SBR: The Liberation of Sita, translated from Telugu, is a revision of Ramayana through the stories of marginal female characters of the original like Ahalya, Renuka, Shurpanakha, and Urmila. This is unlike the stories of the neglected characters written by writers like Maithili Sharan Gupt which don’t challenge the main narrative, just highlight the ignored one. This book is a subversive, feminist revision of the epic. It’s not the misery of these women that is the point here. It’s their breaking the bonds of patriarchy. The liberation here is not something bestowed on Sita by a man. Her liberation here is from the patriarchy itself.

To read or not to read: Yes, please do.

Eyesores, Desire and Renunciation @ BYOB Party at the Takshashila Institution in Nov 2018 (Part 6)

A couple of gems sparkled: Chokher Bali by Tagore (Tagore adorns the posters of The Takshashila Institution), Latitudes of Longing by Shubhangi Swarup and Siddhartha by Herman Hesse.

Image result for chokher bali amazon bookLakshmi spoke about the unputdownable Chokher Bali (translated as eyesore), a powerfully written emotional narrative. This fast-paced love triangle captures the protagonist Mahendra’s quandary as he is besotted with his wife Ashalata but Binodini, a young widow, also captivates him. Tagore is a master of depicting human emotion and the complicated structures of human relationships. There’s a version on the Epic channel in Netflix too though Lakshmi emphasizes that nothing can beat the book as Tagore’s writing is subtle and more focused on undercurrents than any melodrama or stereotype. Farewell my friend is another book by Tagore that was rated highly during this BYOB party.

Image result for latitudes of longingIndira Vijaysimha was enamored by Latitudes of Longing by Shubhangi Swarup. This series of lyrical love stories brings together geologists, clairvoyants, turtles and a yeti and spans across the emotional and geographical faultlines of the Andamans, Myanmar and the Himalayas. “The book feels like a response to Amitav Ghosh’s The Great Derangement and it reminds me of Dorris Lessing’s trilogy in terms of the scale of things. Life is so fragile, one moment a mountain stands tall and the next moment, it falls into the sea,” she said.

Click on this link to read a very interesting interview with the author.

You can read an excerpt of the story here.

Image result for siddhartha hermann hesse amazonSajal Raj Gautam talked about the classic quest novel Siddhartha. The book talks about how Siddhartha leaves a life of privilege to discover himself – the classic enlightenment story. More about Herman Hesse, the Nobel Prize winner for Literature in 1946 here: https://www.nobelprize.org/prizes/literature/1946/hesse/auto-biography/

More books in Part 7.

Short Book Review: Pyre by Perumal Murugan

Pyre by Perumal MuruganSBR: My feelings for Pyre by Perumal Murugan fall somewhere in between those for One Part Woman and Poonachi by the same author. One Part Woman was a revelation, Poonachi was a bit of disappointment. Pyre was a pleasure to read, but the story doesn’t tell you anything new. It reveals the characters and the society beautifully and conveys the pathos of the situation young lovers across the caste boundaries find themselves in very well. You can feel a small, but bustling, town and an isolated village with equal ease around you. And you can identify with the couple’s optimism and despair both.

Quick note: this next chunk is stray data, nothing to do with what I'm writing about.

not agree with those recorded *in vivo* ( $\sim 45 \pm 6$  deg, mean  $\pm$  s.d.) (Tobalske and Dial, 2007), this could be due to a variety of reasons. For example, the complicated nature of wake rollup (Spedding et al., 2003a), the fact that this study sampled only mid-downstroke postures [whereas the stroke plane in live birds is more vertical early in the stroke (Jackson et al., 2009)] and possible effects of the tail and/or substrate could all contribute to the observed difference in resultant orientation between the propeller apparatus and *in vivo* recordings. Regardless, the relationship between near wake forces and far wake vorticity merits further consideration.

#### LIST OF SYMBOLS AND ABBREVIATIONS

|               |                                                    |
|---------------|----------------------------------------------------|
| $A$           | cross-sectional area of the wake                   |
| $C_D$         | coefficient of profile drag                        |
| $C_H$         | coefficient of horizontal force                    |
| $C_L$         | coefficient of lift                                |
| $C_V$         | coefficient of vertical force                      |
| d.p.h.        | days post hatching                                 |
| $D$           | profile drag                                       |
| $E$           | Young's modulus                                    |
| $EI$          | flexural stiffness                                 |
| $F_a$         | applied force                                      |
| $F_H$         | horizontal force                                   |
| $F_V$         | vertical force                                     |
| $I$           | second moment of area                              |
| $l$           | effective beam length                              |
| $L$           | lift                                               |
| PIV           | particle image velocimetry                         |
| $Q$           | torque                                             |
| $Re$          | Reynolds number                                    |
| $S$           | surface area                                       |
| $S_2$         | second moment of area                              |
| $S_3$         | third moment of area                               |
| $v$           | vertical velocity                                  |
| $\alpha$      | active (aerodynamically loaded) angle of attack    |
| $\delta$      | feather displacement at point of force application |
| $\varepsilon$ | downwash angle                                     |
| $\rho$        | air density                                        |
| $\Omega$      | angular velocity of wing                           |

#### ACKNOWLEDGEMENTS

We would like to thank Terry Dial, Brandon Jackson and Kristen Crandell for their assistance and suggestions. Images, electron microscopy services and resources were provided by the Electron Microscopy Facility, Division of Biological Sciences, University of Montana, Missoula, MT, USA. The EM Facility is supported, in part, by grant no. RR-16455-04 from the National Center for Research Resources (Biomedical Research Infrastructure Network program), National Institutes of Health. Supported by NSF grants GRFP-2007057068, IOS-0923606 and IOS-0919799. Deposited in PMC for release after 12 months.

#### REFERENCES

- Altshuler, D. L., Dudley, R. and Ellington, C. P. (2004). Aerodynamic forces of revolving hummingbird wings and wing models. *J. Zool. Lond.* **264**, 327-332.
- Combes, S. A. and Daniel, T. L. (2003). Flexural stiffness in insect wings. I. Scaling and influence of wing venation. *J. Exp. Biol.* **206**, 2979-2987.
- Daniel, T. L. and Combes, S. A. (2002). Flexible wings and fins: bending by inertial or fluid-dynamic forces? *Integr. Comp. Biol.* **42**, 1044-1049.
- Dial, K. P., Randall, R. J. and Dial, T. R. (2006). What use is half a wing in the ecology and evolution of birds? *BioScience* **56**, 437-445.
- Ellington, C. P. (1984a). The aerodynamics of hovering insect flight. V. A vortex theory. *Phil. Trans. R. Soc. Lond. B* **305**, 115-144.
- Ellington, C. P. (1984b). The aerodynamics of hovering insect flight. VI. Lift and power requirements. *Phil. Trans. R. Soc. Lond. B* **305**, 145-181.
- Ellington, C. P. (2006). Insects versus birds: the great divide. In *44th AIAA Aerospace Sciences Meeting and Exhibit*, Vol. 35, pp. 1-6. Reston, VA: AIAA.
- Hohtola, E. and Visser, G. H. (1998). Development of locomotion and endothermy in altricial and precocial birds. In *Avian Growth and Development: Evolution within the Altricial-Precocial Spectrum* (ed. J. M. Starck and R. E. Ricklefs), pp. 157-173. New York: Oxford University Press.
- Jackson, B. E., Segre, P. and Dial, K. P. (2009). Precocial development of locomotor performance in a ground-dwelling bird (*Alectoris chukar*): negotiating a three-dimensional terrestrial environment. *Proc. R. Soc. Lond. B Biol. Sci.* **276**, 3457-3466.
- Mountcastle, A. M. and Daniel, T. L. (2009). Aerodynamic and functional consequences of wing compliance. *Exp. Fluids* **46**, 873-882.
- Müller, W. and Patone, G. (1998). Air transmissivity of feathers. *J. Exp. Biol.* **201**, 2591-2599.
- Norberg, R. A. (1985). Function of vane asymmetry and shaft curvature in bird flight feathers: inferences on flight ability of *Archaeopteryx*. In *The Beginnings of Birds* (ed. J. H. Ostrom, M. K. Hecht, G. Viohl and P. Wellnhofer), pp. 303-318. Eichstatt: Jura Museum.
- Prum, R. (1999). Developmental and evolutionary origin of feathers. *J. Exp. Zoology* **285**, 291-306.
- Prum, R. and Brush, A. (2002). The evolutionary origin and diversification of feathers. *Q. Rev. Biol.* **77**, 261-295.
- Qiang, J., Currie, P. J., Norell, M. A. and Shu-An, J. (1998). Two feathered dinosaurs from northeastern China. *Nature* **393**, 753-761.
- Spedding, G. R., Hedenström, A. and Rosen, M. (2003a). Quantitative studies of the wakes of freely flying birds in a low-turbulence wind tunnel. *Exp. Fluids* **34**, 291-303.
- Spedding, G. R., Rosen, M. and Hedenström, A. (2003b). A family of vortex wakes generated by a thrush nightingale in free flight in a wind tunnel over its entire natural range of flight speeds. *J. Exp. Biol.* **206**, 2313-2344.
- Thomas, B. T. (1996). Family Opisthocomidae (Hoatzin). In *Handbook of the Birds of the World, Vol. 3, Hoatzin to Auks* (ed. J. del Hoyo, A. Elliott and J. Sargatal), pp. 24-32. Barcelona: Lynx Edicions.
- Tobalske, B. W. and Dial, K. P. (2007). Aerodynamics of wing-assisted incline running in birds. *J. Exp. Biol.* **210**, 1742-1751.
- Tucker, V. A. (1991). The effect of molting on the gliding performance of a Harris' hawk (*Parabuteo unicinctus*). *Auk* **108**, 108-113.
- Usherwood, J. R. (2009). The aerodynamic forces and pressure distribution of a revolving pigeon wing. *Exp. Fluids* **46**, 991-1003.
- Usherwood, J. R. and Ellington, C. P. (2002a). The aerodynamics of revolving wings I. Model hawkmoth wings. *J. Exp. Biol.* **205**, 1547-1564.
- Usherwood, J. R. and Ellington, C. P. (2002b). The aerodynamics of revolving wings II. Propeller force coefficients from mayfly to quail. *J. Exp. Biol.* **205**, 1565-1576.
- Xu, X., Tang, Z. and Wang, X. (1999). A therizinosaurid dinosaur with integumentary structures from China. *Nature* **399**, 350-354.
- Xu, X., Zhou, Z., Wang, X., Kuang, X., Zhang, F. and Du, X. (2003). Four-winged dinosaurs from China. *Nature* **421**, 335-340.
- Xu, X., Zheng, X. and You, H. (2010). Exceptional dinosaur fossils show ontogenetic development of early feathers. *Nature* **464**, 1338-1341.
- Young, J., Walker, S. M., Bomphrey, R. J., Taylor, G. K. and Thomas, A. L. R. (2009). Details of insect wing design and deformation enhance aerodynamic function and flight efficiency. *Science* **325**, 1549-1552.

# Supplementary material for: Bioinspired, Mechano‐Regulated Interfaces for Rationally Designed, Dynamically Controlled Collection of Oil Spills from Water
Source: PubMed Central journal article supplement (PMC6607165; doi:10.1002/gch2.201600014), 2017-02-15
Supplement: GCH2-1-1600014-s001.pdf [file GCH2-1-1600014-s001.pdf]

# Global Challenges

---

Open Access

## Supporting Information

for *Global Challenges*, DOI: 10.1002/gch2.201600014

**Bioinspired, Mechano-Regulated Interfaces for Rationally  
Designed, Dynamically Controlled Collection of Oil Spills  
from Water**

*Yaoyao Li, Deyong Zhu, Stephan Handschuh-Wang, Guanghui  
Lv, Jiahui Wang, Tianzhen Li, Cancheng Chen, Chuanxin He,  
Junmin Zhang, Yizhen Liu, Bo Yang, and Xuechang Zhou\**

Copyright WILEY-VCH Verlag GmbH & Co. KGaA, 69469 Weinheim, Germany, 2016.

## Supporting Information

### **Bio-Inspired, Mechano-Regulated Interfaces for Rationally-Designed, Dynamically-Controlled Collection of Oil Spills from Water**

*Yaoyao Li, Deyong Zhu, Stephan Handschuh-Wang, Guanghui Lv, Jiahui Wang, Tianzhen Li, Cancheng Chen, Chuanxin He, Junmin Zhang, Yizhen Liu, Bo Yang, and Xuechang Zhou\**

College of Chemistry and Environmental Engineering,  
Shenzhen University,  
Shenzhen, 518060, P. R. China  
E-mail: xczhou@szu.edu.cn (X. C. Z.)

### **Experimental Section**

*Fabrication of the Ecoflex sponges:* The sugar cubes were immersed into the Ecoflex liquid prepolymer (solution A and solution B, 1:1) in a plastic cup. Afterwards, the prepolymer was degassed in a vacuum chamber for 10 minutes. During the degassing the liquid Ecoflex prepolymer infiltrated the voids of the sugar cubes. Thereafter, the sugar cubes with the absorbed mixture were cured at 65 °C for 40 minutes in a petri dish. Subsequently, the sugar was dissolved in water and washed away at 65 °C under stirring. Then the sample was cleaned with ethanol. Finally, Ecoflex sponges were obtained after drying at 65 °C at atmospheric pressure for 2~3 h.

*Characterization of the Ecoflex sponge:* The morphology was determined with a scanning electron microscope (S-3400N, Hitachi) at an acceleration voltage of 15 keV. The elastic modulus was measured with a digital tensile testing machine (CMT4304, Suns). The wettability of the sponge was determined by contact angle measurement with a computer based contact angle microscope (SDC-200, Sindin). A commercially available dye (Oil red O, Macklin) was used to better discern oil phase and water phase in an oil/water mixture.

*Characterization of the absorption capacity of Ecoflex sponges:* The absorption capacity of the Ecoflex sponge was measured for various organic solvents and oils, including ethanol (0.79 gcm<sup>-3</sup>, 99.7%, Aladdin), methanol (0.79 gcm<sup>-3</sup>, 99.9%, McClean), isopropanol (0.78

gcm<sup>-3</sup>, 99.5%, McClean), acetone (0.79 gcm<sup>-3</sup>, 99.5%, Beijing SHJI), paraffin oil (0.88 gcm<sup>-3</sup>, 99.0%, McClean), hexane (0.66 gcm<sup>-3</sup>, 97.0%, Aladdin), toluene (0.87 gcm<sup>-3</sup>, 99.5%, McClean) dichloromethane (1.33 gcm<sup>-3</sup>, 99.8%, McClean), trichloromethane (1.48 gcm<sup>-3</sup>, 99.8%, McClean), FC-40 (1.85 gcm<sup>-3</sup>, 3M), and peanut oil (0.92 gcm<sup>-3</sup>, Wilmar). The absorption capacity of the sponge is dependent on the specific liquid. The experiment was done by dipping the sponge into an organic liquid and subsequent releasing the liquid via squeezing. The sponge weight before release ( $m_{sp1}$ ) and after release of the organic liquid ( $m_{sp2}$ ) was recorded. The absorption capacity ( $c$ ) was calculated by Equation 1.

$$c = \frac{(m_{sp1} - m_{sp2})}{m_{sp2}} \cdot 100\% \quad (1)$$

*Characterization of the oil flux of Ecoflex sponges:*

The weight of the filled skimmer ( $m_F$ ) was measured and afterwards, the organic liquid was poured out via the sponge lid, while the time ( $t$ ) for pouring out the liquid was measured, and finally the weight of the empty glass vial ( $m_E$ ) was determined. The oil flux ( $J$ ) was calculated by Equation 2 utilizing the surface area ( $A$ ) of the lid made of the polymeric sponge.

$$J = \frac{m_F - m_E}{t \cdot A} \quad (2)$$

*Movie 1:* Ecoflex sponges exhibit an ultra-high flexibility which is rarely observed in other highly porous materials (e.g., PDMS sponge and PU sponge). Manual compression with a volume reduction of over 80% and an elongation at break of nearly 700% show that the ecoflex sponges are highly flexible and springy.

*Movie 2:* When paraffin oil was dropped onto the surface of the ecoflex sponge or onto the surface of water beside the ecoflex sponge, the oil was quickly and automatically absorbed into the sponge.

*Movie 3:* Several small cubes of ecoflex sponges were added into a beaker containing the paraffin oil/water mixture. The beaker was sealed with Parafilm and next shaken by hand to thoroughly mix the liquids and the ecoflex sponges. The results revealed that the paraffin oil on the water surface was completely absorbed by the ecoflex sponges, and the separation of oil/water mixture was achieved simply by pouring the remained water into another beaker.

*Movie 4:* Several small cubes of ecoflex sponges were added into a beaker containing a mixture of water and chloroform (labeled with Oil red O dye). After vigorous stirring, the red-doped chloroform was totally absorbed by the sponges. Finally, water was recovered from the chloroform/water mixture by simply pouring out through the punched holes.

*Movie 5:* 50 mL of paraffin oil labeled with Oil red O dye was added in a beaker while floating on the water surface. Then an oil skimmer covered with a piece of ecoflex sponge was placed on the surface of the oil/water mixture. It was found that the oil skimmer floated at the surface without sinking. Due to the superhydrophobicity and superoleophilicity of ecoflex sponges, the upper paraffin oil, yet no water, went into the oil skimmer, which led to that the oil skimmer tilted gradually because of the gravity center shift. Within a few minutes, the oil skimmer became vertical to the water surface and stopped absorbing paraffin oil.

The translation is well-done and even the translator’s note is worth reading.

To read or not to read: Yes, although no need to move it to the top of your To-be-read pile.

Confessions, Feminists and Talking Points @ BYOB Party at the Takshashila Institution in Nov 2018 (Part 5)

Samarth talked about some high philosophy when he got the book The Confessions of Saint Augustine by Augustine, Edward B Pusey (Translator), a spiritual self-examination originally written in Latin and traces Augustine’s restless youth and his spiritual voyage. Augustine was one of the most important exponents of Christianity. The School of Life showcases his work here, good if you are looking for an overview. Samarth talked about the time-space continuum and the principle of singularity that Augustine espoused. Unlike the Greeks who believed in nothingness, Augustine believed that God existed out of time and space and therefore there is no ‘before’ God.  He is believed to have sown the seeds of the autobiography genre.

The book is available on Gutenberg as well. If you want an Existential Comics approach to Augustine, check this out.

Image result for why we should all be feminists amazonSmitha came upon a podcast by Chimamanda Adichie on Why We Should All be Feminists. She was impressed by Adichie’s words:

I would like to ask that we begin to dream about and plan for a different world. A fairer world. A world of happier men and happier women who are truer to themselves. And this is how to start: we must raise our daughters differently. We must also raise our sons differently…

The book adapted from this TEDx talk is a twenty-first take on feminism and contemporary sexual politics. Here’s an excerpt from the book: https://www.feminist.com/resources/artspeech/genwom/adichie.html

When the dangerous waters of feminism led to the inevitable gender debate, Abhaya recommended reading Nivedita Menon’s Seeing Like a Feminist, a history of feminism in an Indian context.

Image result for sapiens amazonSowmya, our host at Takshashila, talked about the inescapable Sapiens by Yuval Harari, such a favorite non-fiction. “For me, there is life Before Sapiens and life After Sapiens,” she said. Harari has covered civilization fairly accurately, she says. Some readers did not see eye-to-eye on some of Harari’s claims, particularly the idyllic life of the hunter-gatherer. This is a myth as survival was not a question of luxury; it was hard work and painful and often a losing battle. Almost every reader in the group had an interesting takeaway from this book. It’s become the talking point of 2018.

More books in Part 6.

Short Book Review: Justice by Michael J. Sandel